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September 13, 2018 – Thyroid function - what you need to know

The thyroid gland is one of the most important, yet frequently misunderstood, organs in the body. Hypothyroidism, a condition characterized by low levels of circulating thyroid hormones, is not only one of the most common diseases of dogs but also one of the most commonly misdiagnosed diseases. Understanding more about how the thyroid gland functions, as well as knowing more about thyroid gland abnormalities can help us make better treatment decisions. As dog owners, it’s important to get the facts about the thyroid in health and disease.

Normal thyroid function

The thyroid gland is a crucial player in regulating metabolism as well as playing a significant role in fetal development. The thyroid produces hormones that help regulate these processes and is part of a feedback loop that includes several structures in the brain as well as cells within the thyroid itself. Low levels of circulating hormones stimulate production – once levels increase, the process stops until levels decrease once more.

The bald, the sluggish, the overweight – hypothyroidism in dogs

Many veterinary experts report that hypothyroidism is one of the most common endocrine (glandular) problems diagnosed in dogs. A defect in any part of the thyroid hormone production pathway can result in low thyroid hormone levels leading to signs of hypothyroidism. The most commonly reported signs of hypothyroidism in dogs include:

  • Skin problems – usually hair loss but can include dull haircoat, increased skin pigmentation and recurrent skin and ear infections
  • Obesity
  • Lethargy and weakness
  • Slow heart rate
  • Reproductive problems

Many of the signs of hypothyroidism are similar to a lot of other diseases, and special testing is needed to confirm a diagnosis of hypothyroidism.

Confirming the diagnosis – harder than you think

Although it seems obvious that simply measuring the level of thyroid hormone in the blood would be a straightforward way to confirm a suspicion of hypothyroidism it turns out that many other factors outside the thyroid can influence thyroid hormone levels. These include:

  • Drug administration including glucocorticoids, phenobarbital, and sulfonamide antibiotics
  • Concurrent illnesses
  • Age
  • Breed

There are several types of thyroid tests routinely run on dogs to try to pinpoint a diagnosis. Many are familiar to dog owners because they’re often included on routine blood panels. These tests include:

  • Total T4 (often reported simply as T4) – T4 is the most common type of thyroid hormone secreted by the thyroid gland. Once secreted into the bloodstream, 99 percent of this hormone binds to plasma proteins. Protein-bound T4 acts a reservoir to help maintain steady thyroid hormone levels.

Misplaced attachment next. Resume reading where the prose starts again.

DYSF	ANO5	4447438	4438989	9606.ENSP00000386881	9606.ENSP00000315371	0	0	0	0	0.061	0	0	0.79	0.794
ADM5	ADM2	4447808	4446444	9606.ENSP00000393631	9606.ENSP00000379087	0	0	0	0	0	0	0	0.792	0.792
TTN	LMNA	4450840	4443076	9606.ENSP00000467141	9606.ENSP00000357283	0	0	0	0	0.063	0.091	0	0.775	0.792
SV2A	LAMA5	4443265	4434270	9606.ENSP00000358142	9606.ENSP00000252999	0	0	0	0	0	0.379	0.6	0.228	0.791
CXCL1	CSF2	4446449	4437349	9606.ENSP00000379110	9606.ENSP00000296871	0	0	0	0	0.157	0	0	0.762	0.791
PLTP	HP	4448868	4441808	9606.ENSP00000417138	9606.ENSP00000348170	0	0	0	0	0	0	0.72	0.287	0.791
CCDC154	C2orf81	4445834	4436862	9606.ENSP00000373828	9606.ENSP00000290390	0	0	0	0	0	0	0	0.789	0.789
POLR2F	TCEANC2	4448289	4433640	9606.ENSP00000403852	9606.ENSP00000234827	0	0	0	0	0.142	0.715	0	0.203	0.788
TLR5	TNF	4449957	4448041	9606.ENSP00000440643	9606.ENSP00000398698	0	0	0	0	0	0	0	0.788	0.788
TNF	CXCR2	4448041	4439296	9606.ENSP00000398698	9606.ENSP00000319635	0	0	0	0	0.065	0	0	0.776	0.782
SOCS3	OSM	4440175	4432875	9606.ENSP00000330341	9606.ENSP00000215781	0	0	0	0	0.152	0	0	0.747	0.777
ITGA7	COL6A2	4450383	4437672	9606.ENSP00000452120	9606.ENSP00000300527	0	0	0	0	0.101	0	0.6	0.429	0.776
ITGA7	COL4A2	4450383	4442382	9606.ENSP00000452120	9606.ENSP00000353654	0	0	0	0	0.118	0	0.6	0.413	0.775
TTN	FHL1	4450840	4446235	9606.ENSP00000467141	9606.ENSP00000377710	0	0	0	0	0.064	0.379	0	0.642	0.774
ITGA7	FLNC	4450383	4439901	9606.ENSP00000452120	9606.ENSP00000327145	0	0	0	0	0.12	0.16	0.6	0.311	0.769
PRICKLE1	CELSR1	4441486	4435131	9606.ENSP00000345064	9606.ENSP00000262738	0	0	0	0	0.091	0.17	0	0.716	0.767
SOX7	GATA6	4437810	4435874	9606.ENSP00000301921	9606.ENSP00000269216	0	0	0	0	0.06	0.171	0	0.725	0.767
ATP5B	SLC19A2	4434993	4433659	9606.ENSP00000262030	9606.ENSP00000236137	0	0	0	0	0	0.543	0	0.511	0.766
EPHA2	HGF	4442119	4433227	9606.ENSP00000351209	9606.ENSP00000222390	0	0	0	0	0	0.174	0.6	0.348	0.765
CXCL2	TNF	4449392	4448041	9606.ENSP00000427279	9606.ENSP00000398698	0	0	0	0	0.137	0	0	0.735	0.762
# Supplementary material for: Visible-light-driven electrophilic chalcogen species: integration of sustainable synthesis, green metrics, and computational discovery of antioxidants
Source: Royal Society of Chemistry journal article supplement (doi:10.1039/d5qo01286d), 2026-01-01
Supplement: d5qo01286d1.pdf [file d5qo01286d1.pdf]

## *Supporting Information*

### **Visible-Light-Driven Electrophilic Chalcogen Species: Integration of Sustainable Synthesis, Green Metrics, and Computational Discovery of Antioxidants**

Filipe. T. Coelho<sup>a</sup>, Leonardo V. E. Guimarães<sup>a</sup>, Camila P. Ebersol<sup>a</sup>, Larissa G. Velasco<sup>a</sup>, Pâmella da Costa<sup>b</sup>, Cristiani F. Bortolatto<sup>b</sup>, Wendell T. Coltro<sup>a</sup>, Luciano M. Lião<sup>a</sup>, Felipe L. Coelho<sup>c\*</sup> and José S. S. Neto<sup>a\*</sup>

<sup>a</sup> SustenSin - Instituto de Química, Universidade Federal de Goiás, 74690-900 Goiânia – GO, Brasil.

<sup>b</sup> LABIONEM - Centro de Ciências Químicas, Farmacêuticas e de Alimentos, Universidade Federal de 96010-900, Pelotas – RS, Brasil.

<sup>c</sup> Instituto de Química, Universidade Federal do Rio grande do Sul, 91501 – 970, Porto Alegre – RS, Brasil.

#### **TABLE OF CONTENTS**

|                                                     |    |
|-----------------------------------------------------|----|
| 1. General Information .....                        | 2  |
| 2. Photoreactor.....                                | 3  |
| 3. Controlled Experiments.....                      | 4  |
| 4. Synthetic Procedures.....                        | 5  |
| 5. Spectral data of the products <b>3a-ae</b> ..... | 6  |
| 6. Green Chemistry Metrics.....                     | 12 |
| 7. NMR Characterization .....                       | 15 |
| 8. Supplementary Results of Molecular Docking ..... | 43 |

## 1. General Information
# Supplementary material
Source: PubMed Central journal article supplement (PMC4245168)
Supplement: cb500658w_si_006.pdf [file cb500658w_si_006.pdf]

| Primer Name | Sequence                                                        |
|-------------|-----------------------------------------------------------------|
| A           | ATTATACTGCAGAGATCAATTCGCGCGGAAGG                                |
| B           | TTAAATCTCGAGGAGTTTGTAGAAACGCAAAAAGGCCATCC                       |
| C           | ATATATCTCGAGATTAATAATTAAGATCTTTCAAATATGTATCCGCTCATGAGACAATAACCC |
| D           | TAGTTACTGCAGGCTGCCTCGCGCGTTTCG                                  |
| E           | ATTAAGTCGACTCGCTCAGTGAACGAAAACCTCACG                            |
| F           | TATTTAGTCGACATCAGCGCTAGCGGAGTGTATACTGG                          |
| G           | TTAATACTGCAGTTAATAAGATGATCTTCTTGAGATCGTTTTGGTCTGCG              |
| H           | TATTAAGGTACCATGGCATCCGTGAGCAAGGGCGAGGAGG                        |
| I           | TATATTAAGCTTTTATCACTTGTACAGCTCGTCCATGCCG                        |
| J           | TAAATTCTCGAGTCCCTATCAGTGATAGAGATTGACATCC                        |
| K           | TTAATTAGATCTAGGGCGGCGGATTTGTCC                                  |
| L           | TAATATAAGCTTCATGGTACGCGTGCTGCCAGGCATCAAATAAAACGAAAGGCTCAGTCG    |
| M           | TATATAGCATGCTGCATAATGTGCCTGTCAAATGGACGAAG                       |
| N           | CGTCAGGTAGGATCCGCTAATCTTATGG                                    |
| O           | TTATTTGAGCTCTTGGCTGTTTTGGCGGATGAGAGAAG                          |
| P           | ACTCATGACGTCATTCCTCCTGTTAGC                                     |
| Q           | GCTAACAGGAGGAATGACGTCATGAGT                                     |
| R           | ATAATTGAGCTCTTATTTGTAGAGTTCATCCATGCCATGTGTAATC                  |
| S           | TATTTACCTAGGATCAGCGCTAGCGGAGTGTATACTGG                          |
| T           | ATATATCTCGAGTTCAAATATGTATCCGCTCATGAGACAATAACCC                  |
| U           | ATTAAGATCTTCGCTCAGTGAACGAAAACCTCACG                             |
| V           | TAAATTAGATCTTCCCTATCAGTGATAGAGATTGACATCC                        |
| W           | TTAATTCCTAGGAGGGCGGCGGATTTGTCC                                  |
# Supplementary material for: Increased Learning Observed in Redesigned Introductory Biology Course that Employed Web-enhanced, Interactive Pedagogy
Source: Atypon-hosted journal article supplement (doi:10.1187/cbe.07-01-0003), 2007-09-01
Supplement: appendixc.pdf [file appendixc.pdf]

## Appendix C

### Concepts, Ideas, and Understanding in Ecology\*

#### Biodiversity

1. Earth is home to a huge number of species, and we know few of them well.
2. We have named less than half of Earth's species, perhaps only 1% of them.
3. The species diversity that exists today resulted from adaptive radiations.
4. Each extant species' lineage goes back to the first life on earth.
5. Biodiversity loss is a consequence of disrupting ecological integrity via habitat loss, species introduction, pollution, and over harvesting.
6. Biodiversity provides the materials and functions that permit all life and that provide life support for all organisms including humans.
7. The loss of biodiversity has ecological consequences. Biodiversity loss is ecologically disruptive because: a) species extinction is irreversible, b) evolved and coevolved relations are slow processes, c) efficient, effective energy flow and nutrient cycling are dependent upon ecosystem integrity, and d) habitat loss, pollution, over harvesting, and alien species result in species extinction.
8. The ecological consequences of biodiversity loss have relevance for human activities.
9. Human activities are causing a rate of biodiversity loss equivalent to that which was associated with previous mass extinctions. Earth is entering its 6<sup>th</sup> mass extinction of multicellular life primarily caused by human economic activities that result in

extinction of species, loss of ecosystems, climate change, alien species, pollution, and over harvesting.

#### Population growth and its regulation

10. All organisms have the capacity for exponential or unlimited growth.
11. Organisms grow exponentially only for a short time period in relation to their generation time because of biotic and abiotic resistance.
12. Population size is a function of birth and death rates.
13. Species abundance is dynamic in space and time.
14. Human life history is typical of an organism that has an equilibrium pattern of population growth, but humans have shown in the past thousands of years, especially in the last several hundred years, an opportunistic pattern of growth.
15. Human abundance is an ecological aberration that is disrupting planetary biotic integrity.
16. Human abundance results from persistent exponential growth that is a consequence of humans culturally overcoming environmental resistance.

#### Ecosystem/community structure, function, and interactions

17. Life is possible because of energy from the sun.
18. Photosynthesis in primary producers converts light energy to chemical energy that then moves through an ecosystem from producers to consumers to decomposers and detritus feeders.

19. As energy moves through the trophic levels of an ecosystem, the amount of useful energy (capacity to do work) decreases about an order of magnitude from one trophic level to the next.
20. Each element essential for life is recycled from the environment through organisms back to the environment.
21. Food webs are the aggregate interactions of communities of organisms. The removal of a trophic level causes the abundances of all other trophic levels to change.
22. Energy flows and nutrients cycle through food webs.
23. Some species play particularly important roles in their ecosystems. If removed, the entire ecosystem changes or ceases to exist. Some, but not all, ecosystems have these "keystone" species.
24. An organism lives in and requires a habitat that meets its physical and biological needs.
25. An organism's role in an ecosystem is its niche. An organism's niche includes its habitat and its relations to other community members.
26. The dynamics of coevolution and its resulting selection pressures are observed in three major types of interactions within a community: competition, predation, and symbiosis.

• Free T4 – this small fraction of total T4 is not bound to proteins in the blood and is biologically active.
  • Thyroid-stimulating hormone (reported as TSH) – this hormone is produced by the pituitary gland in the brain in response to low blood levels of thyroid hormones. In cases of chronically low thyroid hormone levels, TSH is high (such as hypothyroidism).

In combination, these tests are commonly used to rule in or out a diagnosis of hypothyroidism. There are other tests available in cases where it simply isn’t clear if a patient is truly hypothyroid or not, but these are much more specialized and often require submission to specific testing laboratories. Your veterinarian can guide you on what tests are appropriate – sometimes re-testing is best; in some cases, a “wait and see” approach is indicated; and in other patients, more extensive testing is warranted.

If the diagnosis of hypothyroidism is tricky, the treatment is straightforward. Oral supplementation of thyroid hormone is very effective although it can take several months for many abnormalities (such as hair loss) to completely resolve. Periodic testing and adjustment of thyroid dose is necessary to find the optimal supplementation regime for each patient. The most common reasons for treatment failure are an inappropriate diagnosis of hypothyroidism and failure to treat concurrent illnesses.

Hypothyroidism is one of the secondary endpoints of the Golden Retriever Lifetime Study. So far, we have 66 dogs (about 2 percent of the study cohort) diagnosed with hypothyroidism but we expect more diagnoses as our cohort ages. Once identified, we’ll continue to follow these dogs for concurrent illnesses as well as continue to bank biologic samples that might be of interest to researchers wanting to learn more about this common disease.